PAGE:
The boundary-pushing ‘starchitect’ was regarded as the greatest female architect in the world today. Jessica Holland reflects on what made her a visionary
Zaha Hadid’s architecture is often compared to spaceships, but her building The Opus, currently under construction in Downtown Dubai, is more otherworldly than most. Two 95-metre-tall buildings will interconnect to form a cube that will appear to hover above the ground on a hidden platform, and cut into the shape will be a gigantic, oddly shaped hole with edges that will glow with light after sunset.
The Opus will contain Hadid’s first hotel project, in association with ME by Meliá, a design-conscious group of upscale hotels where close attention is paid to music, culture and haute cuisine. In a first for the Baghdad-born architect, Hadid will design the interiors as well as the exterior, creating or selecting furniture herself for rooms including penthouse suits with private roof terraces overlooking Dubai’s skyline. Expect sinuously curving sofas, white walls that bulge and recede like futuristic caves, and beds that offer wall-to-wall views of the cityscape.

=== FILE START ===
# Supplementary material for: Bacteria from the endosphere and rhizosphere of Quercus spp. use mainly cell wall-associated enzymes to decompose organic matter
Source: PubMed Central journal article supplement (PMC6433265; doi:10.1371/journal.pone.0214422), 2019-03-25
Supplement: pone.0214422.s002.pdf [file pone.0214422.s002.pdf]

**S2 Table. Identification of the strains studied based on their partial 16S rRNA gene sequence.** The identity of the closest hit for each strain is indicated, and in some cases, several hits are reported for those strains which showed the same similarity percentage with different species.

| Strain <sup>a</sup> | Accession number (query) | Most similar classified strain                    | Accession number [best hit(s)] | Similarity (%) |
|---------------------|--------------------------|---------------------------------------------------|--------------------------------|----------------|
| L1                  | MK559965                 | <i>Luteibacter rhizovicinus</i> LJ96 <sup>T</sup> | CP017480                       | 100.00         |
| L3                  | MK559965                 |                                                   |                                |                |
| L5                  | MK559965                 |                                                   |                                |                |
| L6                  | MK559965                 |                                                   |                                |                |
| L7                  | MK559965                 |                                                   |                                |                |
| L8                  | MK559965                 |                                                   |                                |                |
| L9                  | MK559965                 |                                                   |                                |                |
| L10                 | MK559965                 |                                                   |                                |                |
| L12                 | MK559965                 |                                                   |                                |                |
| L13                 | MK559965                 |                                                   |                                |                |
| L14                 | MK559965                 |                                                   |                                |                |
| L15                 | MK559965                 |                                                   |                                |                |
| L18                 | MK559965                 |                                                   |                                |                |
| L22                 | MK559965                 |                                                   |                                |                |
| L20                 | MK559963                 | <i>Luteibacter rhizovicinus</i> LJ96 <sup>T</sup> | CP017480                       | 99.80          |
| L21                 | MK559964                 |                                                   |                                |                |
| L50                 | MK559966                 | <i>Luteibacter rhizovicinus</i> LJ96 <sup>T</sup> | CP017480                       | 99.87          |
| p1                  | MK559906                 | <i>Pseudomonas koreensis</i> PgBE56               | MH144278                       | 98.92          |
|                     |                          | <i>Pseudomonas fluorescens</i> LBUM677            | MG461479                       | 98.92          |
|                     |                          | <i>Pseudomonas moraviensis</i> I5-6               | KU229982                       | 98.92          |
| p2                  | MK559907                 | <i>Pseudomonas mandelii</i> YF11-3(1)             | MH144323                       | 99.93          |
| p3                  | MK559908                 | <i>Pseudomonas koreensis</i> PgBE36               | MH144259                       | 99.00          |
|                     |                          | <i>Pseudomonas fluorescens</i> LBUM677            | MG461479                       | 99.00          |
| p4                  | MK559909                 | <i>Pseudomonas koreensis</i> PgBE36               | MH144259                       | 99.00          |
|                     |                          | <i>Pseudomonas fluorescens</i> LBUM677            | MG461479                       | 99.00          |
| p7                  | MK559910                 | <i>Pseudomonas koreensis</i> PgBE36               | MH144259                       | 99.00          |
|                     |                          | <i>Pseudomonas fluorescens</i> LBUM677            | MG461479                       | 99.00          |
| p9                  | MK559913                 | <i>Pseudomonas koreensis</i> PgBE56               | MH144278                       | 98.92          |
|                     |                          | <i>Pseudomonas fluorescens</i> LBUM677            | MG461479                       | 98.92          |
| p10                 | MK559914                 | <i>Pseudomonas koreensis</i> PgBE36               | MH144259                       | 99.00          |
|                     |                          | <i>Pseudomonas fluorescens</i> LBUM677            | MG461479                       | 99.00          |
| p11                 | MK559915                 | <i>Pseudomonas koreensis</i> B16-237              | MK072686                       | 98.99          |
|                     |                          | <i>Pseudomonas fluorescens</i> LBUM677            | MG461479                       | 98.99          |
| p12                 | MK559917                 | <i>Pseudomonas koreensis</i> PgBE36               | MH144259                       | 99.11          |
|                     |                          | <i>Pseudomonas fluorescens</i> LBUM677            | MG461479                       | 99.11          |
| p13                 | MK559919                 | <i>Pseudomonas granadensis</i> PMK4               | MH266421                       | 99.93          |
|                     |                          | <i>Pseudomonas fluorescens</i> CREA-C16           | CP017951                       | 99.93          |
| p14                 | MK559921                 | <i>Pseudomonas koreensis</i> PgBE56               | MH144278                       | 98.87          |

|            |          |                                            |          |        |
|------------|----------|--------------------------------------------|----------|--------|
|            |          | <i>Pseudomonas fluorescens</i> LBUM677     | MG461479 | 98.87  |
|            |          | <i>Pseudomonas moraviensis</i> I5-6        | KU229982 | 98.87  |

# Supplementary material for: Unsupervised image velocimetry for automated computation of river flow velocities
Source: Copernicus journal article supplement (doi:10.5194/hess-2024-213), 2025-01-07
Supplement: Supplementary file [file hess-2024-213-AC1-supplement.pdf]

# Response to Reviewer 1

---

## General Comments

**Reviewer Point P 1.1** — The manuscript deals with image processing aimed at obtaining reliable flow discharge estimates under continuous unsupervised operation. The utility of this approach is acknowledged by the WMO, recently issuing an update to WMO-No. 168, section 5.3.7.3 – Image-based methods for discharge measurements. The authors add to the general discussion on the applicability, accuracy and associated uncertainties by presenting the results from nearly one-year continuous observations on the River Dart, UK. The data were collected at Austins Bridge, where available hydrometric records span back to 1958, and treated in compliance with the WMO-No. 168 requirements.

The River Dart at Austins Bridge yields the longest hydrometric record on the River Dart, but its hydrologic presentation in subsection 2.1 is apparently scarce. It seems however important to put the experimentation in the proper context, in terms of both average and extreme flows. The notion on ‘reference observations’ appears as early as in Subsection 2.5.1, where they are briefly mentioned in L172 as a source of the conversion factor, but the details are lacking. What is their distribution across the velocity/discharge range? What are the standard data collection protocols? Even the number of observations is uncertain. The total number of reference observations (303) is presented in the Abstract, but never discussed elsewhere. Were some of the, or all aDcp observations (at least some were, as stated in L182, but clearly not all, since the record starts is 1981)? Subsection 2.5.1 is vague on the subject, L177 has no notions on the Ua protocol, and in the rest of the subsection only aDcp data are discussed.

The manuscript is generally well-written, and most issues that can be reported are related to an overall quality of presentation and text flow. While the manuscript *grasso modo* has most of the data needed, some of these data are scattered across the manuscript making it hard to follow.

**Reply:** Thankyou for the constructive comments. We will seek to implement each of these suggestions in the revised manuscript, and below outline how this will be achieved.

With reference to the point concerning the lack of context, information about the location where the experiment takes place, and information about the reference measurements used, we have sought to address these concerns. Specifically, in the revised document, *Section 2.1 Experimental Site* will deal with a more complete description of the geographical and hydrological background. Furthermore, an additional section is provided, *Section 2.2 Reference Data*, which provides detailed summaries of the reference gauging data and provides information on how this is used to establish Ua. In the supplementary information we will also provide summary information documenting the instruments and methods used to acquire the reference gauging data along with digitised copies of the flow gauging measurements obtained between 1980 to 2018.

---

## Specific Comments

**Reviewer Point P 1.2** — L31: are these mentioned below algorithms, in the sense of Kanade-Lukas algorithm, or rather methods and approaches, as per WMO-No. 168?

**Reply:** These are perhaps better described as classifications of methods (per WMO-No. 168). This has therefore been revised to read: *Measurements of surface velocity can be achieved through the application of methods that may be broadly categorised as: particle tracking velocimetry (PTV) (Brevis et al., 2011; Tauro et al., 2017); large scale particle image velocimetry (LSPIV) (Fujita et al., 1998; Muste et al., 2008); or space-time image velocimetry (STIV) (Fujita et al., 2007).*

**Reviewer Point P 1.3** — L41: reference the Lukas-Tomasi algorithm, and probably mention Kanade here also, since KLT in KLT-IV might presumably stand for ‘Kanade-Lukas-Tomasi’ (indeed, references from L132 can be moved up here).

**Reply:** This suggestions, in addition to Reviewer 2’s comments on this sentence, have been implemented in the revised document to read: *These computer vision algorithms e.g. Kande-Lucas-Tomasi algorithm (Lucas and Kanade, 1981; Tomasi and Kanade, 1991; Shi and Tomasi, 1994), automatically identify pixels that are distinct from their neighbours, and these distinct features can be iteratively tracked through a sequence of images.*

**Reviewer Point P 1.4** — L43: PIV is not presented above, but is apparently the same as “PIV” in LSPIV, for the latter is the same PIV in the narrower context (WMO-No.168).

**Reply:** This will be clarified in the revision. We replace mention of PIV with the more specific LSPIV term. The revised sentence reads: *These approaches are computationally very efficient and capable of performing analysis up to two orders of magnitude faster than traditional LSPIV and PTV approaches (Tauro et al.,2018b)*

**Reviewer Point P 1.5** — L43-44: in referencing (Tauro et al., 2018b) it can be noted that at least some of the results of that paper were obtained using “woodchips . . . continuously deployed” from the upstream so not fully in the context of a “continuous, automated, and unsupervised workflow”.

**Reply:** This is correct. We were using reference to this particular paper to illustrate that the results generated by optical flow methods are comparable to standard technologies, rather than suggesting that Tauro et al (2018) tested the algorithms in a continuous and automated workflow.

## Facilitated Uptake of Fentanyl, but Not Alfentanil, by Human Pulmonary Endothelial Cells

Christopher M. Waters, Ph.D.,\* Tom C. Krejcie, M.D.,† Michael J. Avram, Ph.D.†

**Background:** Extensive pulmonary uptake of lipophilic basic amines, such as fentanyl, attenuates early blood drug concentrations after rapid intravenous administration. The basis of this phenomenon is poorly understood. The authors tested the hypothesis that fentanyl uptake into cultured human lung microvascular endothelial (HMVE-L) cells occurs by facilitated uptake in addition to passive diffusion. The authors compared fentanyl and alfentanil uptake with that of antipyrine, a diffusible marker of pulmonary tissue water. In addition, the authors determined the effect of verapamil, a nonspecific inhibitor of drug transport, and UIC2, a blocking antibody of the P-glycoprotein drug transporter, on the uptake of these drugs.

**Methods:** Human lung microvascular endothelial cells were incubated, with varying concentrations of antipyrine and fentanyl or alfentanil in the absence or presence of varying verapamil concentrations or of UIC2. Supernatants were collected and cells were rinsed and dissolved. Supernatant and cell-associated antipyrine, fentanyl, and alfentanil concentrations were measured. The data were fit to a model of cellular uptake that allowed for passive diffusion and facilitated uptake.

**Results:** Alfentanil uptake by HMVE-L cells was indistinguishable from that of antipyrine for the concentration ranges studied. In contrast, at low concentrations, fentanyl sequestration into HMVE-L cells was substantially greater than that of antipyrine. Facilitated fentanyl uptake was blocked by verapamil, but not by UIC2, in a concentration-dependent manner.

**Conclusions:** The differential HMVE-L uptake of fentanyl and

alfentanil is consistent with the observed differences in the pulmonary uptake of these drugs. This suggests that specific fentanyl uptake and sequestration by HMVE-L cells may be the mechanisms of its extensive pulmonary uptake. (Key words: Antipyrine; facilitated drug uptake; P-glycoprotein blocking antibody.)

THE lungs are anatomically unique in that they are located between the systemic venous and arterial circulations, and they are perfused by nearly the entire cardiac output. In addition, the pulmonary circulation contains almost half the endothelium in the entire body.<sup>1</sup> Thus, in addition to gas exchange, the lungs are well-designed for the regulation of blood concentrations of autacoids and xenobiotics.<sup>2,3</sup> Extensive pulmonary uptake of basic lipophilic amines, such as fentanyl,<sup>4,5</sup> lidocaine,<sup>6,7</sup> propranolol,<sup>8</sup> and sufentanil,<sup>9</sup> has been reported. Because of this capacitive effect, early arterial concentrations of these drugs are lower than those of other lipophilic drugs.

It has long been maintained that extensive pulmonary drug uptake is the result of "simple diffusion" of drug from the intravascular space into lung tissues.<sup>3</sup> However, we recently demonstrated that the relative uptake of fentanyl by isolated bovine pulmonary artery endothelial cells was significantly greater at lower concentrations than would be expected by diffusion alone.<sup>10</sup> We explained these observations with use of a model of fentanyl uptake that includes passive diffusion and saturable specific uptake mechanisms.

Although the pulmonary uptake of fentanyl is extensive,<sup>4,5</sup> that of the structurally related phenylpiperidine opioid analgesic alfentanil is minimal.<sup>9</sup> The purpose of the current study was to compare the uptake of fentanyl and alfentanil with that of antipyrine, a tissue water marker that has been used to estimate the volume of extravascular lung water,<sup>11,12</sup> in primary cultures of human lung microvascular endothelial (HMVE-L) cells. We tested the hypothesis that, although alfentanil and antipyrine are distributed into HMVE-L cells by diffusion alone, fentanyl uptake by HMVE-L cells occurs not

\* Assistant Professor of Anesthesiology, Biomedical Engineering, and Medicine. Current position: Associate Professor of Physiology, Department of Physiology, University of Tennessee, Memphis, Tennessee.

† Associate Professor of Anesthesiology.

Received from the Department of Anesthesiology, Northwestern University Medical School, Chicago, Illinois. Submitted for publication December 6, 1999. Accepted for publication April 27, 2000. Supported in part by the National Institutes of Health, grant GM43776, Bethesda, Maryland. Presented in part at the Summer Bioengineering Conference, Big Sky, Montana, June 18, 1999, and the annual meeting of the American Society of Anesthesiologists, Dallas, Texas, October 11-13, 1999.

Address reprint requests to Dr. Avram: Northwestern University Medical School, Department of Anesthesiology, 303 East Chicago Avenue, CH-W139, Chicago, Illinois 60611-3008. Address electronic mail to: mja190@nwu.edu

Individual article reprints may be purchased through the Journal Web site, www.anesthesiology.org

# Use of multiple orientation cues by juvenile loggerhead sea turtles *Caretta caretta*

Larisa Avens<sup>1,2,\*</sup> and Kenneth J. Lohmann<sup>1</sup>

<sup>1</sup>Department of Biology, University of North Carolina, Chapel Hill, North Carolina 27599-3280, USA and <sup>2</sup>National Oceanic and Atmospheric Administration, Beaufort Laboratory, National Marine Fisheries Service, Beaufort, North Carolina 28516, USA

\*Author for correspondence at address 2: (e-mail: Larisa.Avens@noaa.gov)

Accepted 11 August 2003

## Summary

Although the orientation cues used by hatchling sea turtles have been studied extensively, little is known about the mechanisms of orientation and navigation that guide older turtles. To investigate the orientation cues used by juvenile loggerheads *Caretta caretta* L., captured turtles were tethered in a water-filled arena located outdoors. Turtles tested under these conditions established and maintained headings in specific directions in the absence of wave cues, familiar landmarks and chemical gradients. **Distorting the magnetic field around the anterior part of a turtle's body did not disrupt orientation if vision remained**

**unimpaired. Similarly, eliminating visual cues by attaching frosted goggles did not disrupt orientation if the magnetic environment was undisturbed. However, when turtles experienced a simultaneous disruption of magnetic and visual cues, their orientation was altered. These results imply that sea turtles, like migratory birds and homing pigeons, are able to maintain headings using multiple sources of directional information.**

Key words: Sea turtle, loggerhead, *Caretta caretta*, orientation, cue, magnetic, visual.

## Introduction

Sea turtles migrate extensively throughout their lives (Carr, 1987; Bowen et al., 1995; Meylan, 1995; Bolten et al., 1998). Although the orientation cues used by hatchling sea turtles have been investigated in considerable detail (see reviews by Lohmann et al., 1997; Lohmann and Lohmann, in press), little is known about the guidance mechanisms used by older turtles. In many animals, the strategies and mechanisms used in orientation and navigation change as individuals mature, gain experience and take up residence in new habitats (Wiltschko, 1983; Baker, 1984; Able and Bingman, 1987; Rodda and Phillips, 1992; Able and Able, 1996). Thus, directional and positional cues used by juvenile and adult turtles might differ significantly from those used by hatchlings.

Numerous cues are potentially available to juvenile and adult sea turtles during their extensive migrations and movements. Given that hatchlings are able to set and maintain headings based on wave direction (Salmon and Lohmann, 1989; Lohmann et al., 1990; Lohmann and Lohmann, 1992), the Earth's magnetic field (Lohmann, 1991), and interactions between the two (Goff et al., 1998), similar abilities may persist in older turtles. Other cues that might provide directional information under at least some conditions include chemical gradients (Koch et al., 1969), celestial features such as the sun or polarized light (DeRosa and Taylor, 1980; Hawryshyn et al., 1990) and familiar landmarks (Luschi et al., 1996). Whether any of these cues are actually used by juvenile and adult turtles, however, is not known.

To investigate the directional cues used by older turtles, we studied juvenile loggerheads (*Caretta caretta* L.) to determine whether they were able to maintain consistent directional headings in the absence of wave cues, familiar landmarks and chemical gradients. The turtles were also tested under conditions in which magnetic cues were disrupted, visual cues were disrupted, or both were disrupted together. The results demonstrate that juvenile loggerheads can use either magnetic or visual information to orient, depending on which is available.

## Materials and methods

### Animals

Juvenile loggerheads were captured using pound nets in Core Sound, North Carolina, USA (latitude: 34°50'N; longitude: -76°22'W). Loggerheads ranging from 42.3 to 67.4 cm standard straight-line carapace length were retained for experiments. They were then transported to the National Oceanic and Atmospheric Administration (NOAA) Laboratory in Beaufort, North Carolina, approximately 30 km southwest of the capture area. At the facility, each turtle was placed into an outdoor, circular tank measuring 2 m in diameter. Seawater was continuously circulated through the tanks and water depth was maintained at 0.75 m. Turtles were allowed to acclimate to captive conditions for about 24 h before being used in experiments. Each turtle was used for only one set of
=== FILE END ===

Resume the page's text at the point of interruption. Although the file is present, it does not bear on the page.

Hadid studied mathematics in Beirut before moving to London to become an architect in the early seventies. She established her own practice in 1980 and quickly became associated with visionary designs that look at once organic – like cooling lava, smooth rock formations and coral growths – and like something out of sci-fi: gleaming, bold streamlined, with no lines at right angles to one another.
In 2004 Hadid became the first female recipient of architecture’s highest accolade, the Pritzker Prize, after winning a competition to create a 200-hectare business park in Singapore and making headlines with the design for Ohio’s Rosenthal Center for Contemporary Art, described by the New York Times as “the most important American building to be completed since the Cold War”. She has won the prestigious Stirling Prize twice, in 2010 for the MAXXI art museum in Rome, and the following year for a secondary school in Brixton, London.
What makes her a visionary is where she looks for inspiration: not from the physical city for which one of her creations is intended, but from what she calls its “energy” or “field”. She has said that she takes inspiration from the decorative, patterned Islamic art she grew up with, from Russian Constructivism, and from the utopian spirit of the 1960s: what she referred to in her Pritzker address as “an unbroken belief in progress and a great sense of optimism about the potential of constructing a better world”.
Crucially, she is also unafraid of being considered impractical, flamboyant, or bizarre. “When people see something fantastic they think that it’s not possible to achieve it in real life,” she told an interviewer in September. “But that’s not true. You can achieve amazing things.”
It is with great sadness that Dame Zaha Hadid, DBE died suddenly in Miami on March 31, 2016 after suffering a sudden heart attack while being treated in hospital.